You’ll be in a league of your own.
Your competitors will be left far behind – eating your dust.
And it will be champagne and bonuses for all of you.
- As the CEO, management team and your entire organisation explode to their feet in a rapturous standing ovation, how would you be feeling?
Even though it’s going to be champagne and bonuses for you too, you feel disappointed.
Liking – A Psychological Persuasion Principle
The main work of a defence attorney is to make the jury like his client.
– Clarence Darrow
The previous philosophical thought experiment makes something intuitively clear – when we don’t like someone, we don’t want them to succeed (even if their success would be good for us too).
Rationally, this doesn’t make much sense. But this is how things generally play out; and it’s been confirmed by the extensive research of Robert B. Cialdini, Psychology and Marketing professor at Arizona State University and the world’s leading expert in influence and the psychology of persuasion for the last 30 years.
Cialdini conducted years of research into influence techniques; several of them spent undercover training at used car dealerships, fund-raising organizations, and telemarketing firms to observe real-life situations of persuasion, coercion and manipulation. As a result, he discovered 6 Principles of Persuasion, all of which can be used to influence people and get them to willingly collaborate when used ethically. One of these is the Liking Principle which he stated as follows:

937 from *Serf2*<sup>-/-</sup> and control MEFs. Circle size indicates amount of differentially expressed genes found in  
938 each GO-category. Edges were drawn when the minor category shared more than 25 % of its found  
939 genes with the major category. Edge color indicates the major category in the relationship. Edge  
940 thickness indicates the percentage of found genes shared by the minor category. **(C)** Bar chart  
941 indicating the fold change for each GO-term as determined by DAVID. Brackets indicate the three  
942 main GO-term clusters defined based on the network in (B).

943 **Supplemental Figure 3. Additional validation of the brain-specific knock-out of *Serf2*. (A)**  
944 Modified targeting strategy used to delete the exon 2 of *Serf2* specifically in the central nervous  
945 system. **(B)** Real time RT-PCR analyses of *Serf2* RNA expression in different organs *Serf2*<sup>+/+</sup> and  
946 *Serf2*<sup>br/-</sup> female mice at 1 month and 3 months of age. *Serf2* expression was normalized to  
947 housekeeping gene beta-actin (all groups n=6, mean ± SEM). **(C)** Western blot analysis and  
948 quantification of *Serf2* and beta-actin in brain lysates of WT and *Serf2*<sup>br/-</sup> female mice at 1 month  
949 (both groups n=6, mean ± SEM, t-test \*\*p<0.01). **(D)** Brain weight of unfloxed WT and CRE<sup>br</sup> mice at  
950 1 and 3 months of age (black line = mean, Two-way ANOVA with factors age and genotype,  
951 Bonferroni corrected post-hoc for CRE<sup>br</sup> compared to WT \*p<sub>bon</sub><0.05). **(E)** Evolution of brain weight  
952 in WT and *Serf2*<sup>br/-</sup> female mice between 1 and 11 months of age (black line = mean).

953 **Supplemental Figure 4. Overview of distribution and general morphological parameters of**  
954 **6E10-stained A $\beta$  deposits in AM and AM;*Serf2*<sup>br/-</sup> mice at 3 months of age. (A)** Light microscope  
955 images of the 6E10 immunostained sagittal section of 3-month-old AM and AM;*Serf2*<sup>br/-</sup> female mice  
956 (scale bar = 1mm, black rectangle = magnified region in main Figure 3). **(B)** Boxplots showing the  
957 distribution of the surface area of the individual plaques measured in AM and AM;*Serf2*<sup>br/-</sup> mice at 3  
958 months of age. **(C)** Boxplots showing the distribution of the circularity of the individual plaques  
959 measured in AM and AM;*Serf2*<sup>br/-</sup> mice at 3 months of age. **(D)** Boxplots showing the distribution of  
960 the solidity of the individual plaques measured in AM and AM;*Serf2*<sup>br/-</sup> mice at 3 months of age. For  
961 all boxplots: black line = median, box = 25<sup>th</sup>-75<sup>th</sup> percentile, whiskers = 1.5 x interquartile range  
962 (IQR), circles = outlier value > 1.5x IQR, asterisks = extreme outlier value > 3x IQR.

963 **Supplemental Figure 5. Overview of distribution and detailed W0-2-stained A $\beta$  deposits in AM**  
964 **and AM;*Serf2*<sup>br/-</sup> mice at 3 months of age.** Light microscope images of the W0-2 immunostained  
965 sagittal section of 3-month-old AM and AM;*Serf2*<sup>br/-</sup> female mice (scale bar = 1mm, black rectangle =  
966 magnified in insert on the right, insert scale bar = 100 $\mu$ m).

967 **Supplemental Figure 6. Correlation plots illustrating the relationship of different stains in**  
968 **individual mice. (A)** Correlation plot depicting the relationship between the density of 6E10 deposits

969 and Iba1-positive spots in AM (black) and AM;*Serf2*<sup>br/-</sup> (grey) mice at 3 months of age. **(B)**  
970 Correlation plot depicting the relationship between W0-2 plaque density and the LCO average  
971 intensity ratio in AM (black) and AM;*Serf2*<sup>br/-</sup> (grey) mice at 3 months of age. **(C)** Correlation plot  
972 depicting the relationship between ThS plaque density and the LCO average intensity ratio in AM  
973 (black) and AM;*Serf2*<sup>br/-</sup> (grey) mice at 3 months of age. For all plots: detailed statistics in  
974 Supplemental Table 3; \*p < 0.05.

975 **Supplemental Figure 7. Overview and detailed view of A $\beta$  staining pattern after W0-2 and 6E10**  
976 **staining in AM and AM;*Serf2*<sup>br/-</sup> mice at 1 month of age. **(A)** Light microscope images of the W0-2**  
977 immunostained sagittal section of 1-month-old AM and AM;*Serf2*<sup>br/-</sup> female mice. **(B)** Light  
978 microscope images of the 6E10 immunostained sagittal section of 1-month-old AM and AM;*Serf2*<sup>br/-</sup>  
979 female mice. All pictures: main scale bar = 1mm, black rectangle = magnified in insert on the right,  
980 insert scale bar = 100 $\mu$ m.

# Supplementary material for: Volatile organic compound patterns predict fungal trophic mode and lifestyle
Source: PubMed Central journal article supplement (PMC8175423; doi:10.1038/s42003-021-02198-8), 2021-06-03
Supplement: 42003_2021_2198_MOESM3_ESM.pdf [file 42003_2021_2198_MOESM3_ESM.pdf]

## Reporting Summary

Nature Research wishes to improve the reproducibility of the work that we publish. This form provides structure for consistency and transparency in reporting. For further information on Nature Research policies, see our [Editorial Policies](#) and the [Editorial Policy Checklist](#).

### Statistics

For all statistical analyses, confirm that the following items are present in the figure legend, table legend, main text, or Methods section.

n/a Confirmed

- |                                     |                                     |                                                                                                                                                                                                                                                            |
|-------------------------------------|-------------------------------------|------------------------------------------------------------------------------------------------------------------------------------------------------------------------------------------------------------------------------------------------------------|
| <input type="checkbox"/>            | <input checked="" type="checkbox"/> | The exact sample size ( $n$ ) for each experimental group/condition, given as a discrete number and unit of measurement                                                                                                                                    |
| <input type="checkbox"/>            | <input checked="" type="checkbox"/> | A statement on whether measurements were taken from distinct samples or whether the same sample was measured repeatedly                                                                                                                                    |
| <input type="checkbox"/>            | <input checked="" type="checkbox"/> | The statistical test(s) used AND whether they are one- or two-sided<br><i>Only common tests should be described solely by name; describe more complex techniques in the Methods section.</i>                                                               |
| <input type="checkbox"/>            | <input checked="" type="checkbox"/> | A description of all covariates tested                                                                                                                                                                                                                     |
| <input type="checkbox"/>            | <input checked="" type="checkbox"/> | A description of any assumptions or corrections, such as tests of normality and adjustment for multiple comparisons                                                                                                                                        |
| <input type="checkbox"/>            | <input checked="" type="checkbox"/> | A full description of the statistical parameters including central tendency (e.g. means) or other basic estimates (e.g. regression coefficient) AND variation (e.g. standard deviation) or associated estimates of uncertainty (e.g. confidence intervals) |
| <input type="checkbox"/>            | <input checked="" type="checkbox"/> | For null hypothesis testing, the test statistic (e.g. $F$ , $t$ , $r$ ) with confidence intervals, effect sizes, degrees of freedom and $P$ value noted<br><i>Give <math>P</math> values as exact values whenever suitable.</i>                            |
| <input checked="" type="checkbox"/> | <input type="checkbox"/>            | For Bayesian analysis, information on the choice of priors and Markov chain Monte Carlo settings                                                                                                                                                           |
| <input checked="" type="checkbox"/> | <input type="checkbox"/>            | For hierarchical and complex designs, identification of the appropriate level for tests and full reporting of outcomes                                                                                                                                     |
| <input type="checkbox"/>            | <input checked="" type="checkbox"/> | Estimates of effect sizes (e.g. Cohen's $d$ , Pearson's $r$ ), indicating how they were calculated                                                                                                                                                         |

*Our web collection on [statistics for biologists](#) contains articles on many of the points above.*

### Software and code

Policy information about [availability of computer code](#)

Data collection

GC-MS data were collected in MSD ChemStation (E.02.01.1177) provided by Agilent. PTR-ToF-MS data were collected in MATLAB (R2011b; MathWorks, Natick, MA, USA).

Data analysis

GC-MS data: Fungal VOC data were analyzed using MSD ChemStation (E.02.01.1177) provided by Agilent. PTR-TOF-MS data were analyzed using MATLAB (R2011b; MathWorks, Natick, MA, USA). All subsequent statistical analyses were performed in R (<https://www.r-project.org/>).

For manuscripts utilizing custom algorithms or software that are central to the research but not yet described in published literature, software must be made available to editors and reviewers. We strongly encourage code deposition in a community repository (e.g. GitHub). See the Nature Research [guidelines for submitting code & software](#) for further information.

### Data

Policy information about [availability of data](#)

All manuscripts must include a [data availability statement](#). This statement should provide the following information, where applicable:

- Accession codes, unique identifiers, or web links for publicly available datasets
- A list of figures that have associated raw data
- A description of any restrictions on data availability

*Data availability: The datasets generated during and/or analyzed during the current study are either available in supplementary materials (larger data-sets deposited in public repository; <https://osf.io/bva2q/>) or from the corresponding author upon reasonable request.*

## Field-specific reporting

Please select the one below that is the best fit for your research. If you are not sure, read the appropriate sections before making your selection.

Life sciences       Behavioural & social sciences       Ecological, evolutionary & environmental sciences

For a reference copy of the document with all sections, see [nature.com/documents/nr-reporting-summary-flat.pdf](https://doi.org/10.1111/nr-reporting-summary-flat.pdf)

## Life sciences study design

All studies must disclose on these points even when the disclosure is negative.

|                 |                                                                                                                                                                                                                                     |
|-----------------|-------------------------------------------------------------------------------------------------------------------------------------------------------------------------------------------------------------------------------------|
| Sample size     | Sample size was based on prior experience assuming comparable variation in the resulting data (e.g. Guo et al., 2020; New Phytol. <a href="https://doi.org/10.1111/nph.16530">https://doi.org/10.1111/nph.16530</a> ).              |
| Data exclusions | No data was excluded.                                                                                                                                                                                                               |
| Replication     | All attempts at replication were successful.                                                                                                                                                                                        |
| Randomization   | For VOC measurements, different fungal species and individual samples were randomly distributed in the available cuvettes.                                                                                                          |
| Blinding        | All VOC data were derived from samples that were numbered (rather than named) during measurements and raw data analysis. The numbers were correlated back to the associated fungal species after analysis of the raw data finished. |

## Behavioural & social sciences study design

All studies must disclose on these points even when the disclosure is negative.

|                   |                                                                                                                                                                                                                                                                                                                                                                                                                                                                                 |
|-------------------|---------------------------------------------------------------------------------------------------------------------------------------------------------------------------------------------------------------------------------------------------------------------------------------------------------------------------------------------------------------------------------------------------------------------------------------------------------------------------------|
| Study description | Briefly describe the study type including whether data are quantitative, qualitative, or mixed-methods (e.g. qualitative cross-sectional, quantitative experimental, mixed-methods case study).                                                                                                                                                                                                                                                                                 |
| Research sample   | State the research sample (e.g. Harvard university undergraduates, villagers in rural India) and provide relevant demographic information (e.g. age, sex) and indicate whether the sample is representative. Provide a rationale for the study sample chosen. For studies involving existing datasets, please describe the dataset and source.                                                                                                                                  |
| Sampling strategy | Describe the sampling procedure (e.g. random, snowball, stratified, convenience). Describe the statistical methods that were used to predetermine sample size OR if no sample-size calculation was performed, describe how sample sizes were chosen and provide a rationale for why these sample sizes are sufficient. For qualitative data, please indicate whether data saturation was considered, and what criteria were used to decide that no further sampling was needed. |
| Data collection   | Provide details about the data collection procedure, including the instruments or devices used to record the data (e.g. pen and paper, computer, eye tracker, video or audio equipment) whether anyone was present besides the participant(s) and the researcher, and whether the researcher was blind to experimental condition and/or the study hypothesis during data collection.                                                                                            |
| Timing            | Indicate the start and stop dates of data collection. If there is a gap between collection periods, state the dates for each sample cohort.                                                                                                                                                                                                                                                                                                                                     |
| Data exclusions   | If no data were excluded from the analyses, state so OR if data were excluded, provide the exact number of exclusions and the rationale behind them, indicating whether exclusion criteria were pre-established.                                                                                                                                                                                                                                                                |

People say ‘Yes!’ to the offers of those who they like (and ‘No!’ to the offers of those they dislike, even if it is in their best interests to accept the offer).
So disliking someone is an extremely powerful behavioural motivator.
When we see someone we dislike, we try to avoid them.
When someone we dislike makes an offer, we find faults in it.
We hide things from people we dislike.
We can even go as far as supporting the people who are against those we dislike.
So here’s a question for you again?
- Do your clients like you?
Because if they don’t, you’re going to have a tougher time getting them to cooperate with you on the audit mission.
So how can you get your clients to like you?
Here are 3 practical tips which leverage the Liking Principle of Persuasion and which will help you to initiate a collaborative relationship with your client.
Tip 1: Audit Team Member Introductions
Personality, is to a person, what perfume is to a flower.
– Charles M. Scwab
We like people who are like us.
According to Cialdini’s psychological research, one of the fastest ways to get people to like you is to show similarities. To leverage this effect, you will have to share information about yourself.
When is the very first opportunity you have to do this with your client?
When you introduce yourself to your client in your Pre-Mission Communications (the information pack you send out to the client to tell them what will happen during the audit mission).
Nevertheless, when I see Audit Team Member Introductions in the Pre-Mission Comms, I rarely see this opportunity being used properly – it usually just contains the following:
- Job title
- Professional background in audit
- Work experience (including the names of organisations where the auditor has previously worked)
- Professional qualifications
- Academic qualifications (including the names of the awarding institutions)